New MediŠval and Modern History (Google eBook)

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American Book Company, 1913 - History, Modern - 783 pages
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Page 417 - God's trophies, and his work pursued, While Darwen stream, with blood of Scots imbrued, And Dunbar field, resounds thy praises loud, And Worcester's laureate wreath : yet much remains To conquer still ; Peace hath her victories No less renowned than War : new foes arise, Threatening to bind our souls with secular chains. Help us to save free conscience from the paw Of hireling wolves, whose Gospel is their maw.
Page 571 - I called the New World into existence, to redress the balance of the Old.
Page 417 - CROMWELL, our chief of men, who, through a cloud Not of war only, but detractions rude, Guided by faith and matchless fortitude, To peace and truth thy glorious way hast plough'd...
Page 195 - ... having sharp and strong wits, and abundance of leisure, and small variety of reading ; but their wits being shut up in the cells of a few authors, chiefly Aristotle their dictator, as their persons were shut up in the cells of monasteries and colleges, and knowing little history, either of nature or time, did, out of no great quantity of matter, and infinite agitation of wit, spin out unto us those laborious webs of learning, which are extant in their books.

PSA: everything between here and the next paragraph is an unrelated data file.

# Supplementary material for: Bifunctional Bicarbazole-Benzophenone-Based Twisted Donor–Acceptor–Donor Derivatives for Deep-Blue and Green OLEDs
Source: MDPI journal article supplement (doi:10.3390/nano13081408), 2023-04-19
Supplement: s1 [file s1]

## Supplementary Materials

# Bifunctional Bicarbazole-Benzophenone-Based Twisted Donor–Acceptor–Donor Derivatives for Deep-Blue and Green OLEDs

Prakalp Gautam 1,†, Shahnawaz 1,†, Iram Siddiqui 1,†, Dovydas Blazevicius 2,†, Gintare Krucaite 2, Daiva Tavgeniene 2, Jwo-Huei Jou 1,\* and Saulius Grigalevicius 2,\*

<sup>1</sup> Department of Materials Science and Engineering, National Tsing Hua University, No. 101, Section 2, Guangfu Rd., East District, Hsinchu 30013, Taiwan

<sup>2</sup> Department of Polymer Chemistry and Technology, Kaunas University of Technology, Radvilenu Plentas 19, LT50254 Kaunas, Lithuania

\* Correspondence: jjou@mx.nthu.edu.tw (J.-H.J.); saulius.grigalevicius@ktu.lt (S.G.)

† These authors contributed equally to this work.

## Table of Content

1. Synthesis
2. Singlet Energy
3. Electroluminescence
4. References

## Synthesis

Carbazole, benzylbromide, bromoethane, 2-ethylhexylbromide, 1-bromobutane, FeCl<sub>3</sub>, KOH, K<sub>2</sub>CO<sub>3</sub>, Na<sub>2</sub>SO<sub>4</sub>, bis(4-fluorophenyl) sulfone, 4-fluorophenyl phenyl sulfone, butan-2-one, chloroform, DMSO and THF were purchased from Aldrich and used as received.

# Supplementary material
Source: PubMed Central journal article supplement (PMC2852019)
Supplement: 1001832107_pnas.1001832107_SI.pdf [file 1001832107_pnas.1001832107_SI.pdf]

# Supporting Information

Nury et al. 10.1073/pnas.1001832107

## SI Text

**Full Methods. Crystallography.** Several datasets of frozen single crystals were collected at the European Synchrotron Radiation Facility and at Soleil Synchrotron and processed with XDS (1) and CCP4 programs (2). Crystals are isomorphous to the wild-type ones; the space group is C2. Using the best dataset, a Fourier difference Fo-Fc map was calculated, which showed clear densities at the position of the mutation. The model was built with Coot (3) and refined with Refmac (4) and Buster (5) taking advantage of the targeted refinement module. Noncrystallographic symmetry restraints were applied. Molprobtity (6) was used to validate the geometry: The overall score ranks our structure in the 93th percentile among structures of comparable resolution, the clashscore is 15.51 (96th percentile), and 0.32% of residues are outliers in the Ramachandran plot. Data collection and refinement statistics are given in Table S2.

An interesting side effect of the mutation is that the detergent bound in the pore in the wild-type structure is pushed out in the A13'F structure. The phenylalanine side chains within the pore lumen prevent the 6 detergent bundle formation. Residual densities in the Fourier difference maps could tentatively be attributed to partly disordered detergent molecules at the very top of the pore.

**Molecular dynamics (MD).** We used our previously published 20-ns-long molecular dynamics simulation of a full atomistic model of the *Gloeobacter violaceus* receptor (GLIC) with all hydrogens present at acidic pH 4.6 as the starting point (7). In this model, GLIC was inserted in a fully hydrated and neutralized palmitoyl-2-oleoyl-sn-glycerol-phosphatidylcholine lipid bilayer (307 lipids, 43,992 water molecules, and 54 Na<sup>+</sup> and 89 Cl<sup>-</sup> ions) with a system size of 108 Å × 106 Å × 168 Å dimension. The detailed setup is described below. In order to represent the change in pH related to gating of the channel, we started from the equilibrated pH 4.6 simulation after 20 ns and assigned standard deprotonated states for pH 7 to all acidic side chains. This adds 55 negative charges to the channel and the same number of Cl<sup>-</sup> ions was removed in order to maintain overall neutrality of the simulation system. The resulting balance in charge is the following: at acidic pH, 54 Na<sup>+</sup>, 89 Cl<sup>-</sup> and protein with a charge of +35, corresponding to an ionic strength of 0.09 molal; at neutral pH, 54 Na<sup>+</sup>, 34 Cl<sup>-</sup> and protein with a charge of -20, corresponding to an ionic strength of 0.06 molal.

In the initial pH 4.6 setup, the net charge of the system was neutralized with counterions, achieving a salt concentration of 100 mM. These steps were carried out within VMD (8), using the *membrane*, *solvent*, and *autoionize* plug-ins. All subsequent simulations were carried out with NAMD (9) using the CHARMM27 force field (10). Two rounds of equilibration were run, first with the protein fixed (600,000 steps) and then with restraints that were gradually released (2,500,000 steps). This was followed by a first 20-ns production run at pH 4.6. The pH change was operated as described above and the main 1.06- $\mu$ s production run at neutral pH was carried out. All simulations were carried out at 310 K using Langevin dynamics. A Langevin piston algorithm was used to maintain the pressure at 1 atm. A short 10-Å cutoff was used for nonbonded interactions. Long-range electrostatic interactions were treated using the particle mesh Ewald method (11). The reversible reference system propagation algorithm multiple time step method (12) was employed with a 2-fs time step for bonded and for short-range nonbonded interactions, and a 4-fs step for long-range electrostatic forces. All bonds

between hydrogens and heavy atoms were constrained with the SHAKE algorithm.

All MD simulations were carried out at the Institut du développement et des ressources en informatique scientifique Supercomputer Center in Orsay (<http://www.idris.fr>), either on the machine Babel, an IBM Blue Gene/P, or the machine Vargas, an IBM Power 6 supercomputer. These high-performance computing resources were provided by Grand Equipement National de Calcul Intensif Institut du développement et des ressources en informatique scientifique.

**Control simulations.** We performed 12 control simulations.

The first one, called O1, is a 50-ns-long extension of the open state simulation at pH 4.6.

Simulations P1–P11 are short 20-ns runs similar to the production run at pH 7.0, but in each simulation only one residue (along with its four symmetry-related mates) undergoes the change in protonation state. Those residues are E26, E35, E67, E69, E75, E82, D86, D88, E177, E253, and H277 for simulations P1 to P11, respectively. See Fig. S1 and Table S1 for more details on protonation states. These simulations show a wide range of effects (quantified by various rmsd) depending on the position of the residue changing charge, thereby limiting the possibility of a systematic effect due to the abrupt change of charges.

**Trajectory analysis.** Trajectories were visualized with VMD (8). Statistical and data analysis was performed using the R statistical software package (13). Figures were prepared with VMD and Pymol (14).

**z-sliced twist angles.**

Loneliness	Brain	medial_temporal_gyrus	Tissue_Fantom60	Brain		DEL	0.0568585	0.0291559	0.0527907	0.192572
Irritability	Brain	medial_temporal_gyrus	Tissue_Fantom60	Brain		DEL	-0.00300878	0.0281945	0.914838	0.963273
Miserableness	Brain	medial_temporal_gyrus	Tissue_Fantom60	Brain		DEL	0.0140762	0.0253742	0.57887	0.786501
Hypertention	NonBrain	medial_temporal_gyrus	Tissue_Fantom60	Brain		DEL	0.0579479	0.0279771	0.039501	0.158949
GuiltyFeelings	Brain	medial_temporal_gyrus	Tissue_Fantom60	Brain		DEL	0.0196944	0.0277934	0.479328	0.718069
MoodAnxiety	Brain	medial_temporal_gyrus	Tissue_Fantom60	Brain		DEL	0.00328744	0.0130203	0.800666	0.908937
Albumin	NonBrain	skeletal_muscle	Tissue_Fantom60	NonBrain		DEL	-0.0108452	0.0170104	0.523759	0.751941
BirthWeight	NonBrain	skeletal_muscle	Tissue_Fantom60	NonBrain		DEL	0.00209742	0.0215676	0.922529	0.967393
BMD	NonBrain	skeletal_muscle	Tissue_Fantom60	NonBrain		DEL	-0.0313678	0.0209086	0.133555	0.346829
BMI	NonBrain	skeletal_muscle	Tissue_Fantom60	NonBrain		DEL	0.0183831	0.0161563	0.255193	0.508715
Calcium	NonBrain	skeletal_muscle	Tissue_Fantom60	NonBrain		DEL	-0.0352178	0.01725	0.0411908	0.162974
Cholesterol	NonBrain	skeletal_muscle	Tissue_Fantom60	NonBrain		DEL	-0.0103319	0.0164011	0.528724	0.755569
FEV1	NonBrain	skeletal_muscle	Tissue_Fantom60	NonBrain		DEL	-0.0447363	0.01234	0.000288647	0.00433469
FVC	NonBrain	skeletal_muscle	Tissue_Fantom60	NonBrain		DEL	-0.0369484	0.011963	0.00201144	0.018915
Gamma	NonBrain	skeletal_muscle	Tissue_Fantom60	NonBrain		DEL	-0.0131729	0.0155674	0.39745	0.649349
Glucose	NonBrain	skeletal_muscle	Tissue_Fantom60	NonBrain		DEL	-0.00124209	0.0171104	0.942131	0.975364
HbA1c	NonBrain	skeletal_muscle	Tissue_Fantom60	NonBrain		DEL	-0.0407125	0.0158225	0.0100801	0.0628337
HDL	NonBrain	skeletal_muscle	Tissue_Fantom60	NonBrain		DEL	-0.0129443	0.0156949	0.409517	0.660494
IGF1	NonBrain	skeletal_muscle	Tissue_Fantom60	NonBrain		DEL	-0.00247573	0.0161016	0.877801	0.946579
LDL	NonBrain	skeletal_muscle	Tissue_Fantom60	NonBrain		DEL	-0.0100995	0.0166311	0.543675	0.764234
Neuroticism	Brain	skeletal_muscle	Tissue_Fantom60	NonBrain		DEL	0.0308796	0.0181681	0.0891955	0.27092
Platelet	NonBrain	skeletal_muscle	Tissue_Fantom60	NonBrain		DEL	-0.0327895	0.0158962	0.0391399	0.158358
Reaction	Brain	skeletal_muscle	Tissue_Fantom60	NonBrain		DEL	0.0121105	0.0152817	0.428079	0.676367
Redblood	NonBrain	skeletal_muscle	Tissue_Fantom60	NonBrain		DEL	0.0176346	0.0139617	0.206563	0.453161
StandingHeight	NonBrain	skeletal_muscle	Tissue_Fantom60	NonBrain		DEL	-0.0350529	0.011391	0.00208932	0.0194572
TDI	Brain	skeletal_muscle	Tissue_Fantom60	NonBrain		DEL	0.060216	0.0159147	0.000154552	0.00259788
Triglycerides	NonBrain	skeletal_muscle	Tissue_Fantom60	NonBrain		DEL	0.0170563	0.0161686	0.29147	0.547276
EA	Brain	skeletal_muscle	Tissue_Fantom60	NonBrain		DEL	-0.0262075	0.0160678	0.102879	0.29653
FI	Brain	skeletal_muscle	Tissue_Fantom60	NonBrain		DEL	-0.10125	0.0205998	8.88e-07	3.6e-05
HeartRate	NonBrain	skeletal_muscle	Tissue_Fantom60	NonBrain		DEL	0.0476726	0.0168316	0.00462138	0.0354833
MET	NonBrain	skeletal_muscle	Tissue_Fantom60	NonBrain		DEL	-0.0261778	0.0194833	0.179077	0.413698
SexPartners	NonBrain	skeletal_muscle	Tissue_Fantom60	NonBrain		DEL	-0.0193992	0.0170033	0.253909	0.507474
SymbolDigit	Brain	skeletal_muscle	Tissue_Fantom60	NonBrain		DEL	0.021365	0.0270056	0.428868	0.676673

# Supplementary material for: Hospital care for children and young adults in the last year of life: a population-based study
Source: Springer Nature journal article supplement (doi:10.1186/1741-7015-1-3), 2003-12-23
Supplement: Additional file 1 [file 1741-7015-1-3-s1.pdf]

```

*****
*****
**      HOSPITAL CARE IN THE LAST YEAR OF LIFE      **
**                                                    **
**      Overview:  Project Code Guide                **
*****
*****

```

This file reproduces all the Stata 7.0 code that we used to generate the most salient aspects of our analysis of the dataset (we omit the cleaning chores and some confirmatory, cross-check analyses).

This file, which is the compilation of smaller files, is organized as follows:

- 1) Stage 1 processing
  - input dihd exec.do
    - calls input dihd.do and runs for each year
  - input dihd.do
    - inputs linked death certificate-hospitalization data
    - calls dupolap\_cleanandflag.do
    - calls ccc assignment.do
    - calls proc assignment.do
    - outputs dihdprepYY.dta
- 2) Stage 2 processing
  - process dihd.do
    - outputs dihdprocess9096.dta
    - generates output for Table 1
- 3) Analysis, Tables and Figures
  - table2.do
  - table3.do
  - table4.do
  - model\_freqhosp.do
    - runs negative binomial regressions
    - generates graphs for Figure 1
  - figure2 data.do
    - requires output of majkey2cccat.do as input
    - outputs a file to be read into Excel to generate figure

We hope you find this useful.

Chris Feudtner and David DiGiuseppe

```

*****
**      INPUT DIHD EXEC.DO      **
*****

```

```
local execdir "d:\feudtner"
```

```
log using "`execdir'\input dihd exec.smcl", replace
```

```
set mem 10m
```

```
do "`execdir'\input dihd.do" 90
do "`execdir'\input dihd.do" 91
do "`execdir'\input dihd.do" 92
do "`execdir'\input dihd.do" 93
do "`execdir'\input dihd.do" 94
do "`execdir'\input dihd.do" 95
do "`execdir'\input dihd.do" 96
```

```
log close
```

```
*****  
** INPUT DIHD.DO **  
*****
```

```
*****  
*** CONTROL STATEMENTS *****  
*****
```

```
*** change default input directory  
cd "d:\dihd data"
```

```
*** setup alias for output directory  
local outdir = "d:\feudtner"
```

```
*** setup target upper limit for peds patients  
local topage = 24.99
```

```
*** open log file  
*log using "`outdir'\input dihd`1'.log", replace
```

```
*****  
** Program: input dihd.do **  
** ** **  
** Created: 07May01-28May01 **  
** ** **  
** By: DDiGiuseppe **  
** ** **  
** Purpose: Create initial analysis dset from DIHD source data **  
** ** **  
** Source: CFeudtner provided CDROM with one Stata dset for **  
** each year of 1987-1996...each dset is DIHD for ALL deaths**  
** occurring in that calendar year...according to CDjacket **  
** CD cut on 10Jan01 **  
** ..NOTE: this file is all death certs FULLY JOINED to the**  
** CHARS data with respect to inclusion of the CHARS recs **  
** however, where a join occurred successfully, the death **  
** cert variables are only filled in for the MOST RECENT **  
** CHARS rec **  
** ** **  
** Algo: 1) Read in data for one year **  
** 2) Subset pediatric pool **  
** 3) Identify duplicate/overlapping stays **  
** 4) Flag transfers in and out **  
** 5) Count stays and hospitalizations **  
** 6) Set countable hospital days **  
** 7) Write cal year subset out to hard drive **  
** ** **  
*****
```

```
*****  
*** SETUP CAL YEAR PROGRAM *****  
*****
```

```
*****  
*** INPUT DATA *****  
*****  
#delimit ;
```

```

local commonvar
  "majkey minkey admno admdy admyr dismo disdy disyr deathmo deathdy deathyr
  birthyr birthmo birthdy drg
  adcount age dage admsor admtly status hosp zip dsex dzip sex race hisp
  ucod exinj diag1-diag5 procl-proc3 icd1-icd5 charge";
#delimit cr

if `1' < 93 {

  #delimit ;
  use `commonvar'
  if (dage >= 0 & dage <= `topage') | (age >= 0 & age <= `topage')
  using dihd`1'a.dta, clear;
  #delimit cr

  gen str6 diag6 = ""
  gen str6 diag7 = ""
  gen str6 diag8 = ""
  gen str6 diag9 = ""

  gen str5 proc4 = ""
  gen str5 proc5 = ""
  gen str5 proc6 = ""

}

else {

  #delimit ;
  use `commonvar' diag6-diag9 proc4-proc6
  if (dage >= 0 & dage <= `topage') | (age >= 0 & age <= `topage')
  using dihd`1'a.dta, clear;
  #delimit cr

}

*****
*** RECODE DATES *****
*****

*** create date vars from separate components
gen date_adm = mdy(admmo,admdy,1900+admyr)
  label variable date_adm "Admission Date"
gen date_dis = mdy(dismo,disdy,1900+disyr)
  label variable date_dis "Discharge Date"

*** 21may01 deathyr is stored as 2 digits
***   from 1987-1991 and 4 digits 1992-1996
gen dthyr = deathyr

Page 423 - And whereas it hath been found by experience, that it is inconsistent with the safety and welfare of this Protestant kingdom, to be governed by a Popish prince...
Page 218 - No free man shall be taken or imprisoned or dispossessed, or outlawed, or banished, or in any way destroyed, nor will we go upon him, nor send upon him, except by the legal judgment of his peers or by the law of the land.
Page 417 - Yet much remains To conquer still ; peace hath her victories No less renown'd than war; new foes arise, Threatening to bind our -souls with secular chains : Help us to save free conscience from the paw Of hireling wolves, whose gospel is their maw.
Page 345 - I from henceforth will accept, repute, and take the king's majesty to be the only supreme head in earth of the church of England...
Page 416 - Harrison went to the speaker as he sat in the chair, and told him, that seeing things were reduced to this pass, it would not be convenient for him to remain there. The speaker answered, that he would not come down unless he were forced. ' Sir,' said Harrison, ' I will lend you my hand ; ' and thereupon putting his hand within his, the speaker came down.
Page 488 - Monsieur, tell those who sent you that we are here by the will of the People, and that nothing but the force of bayonets shall send us hence...

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